September 28, 2011

China May Scale Back Exchanges Over Deal

China is preparing to “suspend, cancel or postpone” a series of military-to-military exchanges with the US to protest Washington’s decision to upgrade Taiwan’s fleet of F-16A/B aircraft.

A senior official in US President Barack Obama’s administration leaked the news on Monday night in New York.

Talking to reporters on the condition of anonymity, the official said that Chinese diplomats had informed the US of the pending action during private meetings at the UN General Assembly earlier in the day.

Chinese Minister of Foreign Affairs Yang Jiechi (楊潔篪) met behind closed doors with US Secretary of State Hillary Rodham Clinton and urged her to “reconsider” the latest package of arms sales announced last week.

He warned that the US$5.85 billion arms package would undermine “trust and confidence” between Washington and Beijing. However, he pointedly refrained from any specific threats of cuts to military-to-military exchanges, which Washington values greatly.

The delivery of that piece of bad news was left to his staff.

Yang made “very serious representations” the official said, adding that Clinton gave no indication that the US would reconsider.

Pentagon sources consider the Beijing action to be rather more restrained than it was in late January last year when Washington announced a US$6.4 billion arms sale to Taiwan. On that occasion, Beijing made a series of continuing loud protests and stopped all military-to-military consultation for months.

It is generally accepted in Washington that the less bellicose approach this time reflects Beijing’s satisfaction that Obama — bowing to China’s diplomatic pressure — is not selling Taiwan the 66 F-16C/D aircraft that it requested.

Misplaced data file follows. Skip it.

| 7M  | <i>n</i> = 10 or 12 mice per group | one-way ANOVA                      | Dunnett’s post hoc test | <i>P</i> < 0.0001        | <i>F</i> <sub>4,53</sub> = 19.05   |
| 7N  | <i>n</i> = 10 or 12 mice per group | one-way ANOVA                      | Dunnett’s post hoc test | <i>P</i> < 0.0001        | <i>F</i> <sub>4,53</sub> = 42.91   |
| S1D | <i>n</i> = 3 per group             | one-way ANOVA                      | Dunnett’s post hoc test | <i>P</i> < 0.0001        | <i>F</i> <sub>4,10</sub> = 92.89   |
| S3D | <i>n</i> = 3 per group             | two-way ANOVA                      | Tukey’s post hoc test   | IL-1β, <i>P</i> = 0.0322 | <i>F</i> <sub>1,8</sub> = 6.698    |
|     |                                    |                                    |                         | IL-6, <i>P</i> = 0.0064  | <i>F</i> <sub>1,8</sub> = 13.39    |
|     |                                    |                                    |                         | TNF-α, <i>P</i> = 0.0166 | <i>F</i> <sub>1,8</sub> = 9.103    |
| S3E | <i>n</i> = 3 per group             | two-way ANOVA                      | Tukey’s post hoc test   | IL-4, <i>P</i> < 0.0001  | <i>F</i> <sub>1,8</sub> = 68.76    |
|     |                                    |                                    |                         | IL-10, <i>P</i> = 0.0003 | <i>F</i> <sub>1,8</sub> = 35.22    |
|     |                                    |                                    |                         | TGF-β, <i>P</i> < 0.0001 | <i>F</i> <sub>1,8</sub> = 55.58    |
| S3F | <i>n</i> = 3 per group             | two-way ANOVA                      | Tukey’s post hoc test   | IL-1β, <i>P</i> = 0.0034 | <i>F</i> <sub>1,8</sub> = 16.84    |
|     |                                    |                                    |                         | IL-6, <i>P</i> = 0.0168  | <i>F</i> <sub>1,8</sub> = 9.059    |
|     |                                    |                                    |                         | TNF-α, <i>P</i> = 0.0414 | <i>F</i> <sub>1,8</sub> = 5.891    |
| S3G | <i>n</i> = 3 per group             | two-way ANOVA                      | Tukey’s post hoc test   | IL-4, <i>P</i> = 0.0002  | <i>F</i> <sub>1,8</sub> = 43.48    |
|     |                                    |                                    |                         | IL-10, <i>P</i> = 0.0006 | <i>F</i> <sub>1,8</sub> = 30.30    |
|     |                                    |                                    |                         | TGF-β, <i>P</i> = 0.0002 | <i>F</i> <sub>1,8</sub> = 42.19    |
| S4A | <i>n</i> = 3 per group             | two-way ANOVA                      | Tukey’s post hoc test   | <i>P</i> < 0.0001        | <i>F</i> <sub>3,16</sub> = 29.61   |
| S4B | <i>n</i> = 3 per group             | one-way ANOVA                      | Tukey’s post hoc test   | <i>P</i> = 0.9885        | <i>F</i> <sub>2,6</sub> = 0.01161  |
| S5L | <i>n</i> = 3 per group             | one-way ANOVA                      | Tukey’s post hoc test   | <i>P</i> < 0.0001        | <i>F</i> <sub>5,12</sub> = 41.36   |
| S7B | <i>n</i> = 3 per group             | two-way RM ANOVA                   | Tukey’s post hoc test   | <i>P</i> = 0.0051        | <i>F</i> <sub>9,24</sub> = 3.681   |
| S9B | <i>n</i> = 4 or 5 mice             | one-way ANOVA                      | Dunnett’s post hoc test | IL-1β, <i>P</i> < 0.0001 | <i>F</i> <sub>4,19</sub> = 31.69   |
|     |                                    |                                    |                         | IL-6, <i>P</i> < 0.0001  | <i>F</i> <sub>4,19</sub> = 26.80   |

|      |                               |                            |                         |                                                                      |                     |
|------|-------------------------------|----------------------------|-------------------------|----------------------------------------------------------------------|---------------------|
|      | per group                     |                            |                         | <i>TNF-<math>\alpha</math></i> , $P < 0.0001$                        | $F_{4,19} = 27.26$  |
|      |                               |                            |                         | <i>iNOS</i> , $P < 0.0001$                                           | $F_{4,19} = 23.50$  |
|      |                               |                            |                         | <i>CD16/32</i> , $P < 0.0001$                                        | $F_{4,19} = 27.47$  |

Clinton said following her meeting with Yang that the latest sale of arms to Taiwan would help to maintain peace and security across the Taiwan Strait. She praised the improved ties between China and Taiwan under the policy of rapprochement initiated by President Ma Ying-jeou (馬英九).

However, Clinton said that in the short term there would be a need for the US and China to coordinate and cooperate closely through “difficult diplomatic times.”Earlier, Yang told businesspeople in New York that the US-China relationship would overcome the arms sales problems and “continue to move forward.”

Robert Kaplan, a senior fellow at the Center for a New American Security, a Washington-based think tank, has written in the Washington Post that “nothing of late quite captures what is going on in terms of a global power shift as much as the US refusal to sell Taiwan new F-16 fighter jets.”

“The trend line suggests that China will annex Taiwan by, in effect, going around it; by adjusting the correlation of forces in its favor so that China will never have to fight for what it will soon possess,” he wrote.

“Such is independence melting away. And as China’s strategic planners need to concentrate less on capturing Taiwan, they will be free to focus on projecting power into the energy-rich South China Sea and, later, into the adjoining Indian Ocean,” Kaplan wrote.